Wednesday, October 14, 2015
A pillar of society in a society of pillars
Much of my scholarly research over the years has concerned the relationship between monastic thought and practice and general artistic and cultural developments in medieval Europe. Just recently I have been engaged in preparing some lectures on the theme of “Asceticism and Literature in the Middle Ages” to be delivered at Notre Dame University within the next month.
Some of the points I intend to make in my lectures so far, though I shall do my best to dignify them with an earnest rhetoric, do not exactly rise to the level of rocket science. If a society first creates a highly distinctive tribe, separates it with artifice from the much larger populations surrounding it, and finally gives it an effective monopoly on the skills of literacy, it is not particularly surprising that the tribe will have a considerable impact on the development of that society’s literature. The “tribe” to which I am referring, of course, are the Christian ascetics—monks and nuns, hermits, consecrated virgins, friars, brothers and sisters in an astonishing variety of formal or informal religious “orders.”
I personally have great difficulty in understanding how the ascetic mind became paramount in nascent Christianity. Jesus said that all of Torah could be boiled down to two propositions: love God, love your neighbor. These were called the “Two Great Commandments”. The “contempt for the world” (contemptus mundi, a formula favored by the ascetics for the better part of two millennia) might be a valuable tool in achieving a single-minded focus on the First Commandment, but it seems to me absolutely antithetical to fulfilling the Second. How do you love your neighbor by guaranteeing that you have as few neighbors as possible, and of that few only like-minded world-haters like yourself?
Saint Anthony of the Desert, usually called the first monk, sought incremental sanctification through incremental isolation. He withdrew first to the edge of the village, then deeper and deeper into the wilderness to less and less welcoming shelters, to hollows in the rocks and the abandoned lairs of wild animals. All the famous early monks lived in artificial prisons of one kind or another. The stylite saints, the circus freaks of the monastic movement, spent their lives atop stone pillars.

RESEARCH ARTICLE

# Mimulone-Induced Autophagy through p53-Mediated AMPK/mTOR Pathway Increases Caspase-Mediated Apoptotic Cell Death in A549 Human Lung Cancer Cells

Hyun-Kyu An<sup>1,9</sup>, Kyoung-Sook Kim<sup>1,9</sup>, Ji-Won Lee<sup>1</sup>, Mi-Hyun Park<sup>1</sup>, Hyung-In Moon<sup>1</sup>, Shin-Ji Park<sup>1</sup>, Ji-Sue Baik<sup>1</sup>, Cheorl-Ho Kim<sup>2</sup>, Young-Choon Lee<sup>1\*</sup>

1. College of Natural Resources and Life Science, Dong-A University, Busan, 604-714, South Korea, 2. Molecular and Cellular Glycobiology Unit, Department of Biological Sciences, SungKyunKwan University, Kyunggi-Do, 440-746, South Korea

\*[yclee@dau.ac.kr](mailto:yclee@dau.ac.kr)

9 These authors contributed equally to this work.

It is difficult for the modern mind—and such mind as I have is necessarily modern—to grasp the phenomenon with mental neutrality, let alone with sympathy. The anti-ascetic bias among historians in the Enlightenment tradition actually antedates Gibbon, though it is perhaps most brilliantly exemplified by him. The thirty-seventh chapter of the Decline and Fall of the Roman Empire must surely be among the most brilliant monuments of erudite scurrility in our language. In it Gibbon delineated two coordinated cultural disasters that fell upon the classical world—the rise of monasticism and the conversion to Christianity of the northern barbarian tribes.
More focused is the opinion of one of my favorite nineteenth-century historians, William Edward Hartpole Lecky, author of the ever-fascinating History of European Morals. Unlike Gibbon Lecky was not a bigot, and he generally avoids rhetorical polemic. Nonetheless he wrote as follows of Anthony and his eremitical imitators: “There is, perhaps, no phase in the moral history of mankind, of a deeper or more painful interest than this ascetic epidemic. A hideous, sordid, and emaciated maniac, without knowledge, without patriotism, without natural affection, passing his life in a long routine of useless and atrocious self-torture, and quailing before the ghastly phantoms of his delirious brain, had become the ideal of the nations which had known the writings of Plato and Cicero and the lives of Socrates and Cato. For about two centuries, the hideous maceration of the body was regarded as the highest proof of excellence.”
William Edward Hartpole Lecky (1838-1903)
What Lecky does not say, but what I must try to take account of, is that we would not know the writings of Plato and Cicero, and we would know precious little of the lives of Socrates and Cato, were it not for the Christian monks whose legendary founder inspires Lecky’s indignation. Of course the “hideous, sordid, and emaciated maniac” to whom he alludes is no other than Saint Anthony the Great. For the perhaps paradoxical truth is that practically everything we know about the Ancient World that comes from documentary sources was copied, preserved, and transmitted in the religious houses of Europe. I have seen a thirteenth-century manuscript of Ovid’s Remedia Amoris to which the monastic scribe appended a prayer of thanksgiving to the Virgin Mary for her aid in helping him complete his task.
Twenty years ago the popular historian Thomas Cahill made a notable success with a book entitled How the Irish Saved Civilization. The claims of the book, like its title, were perhaps a little hyperbolic, but its gist is undeniable. It’s rather amazing just how much emaciated maniacs could achieve when they set their minds to it.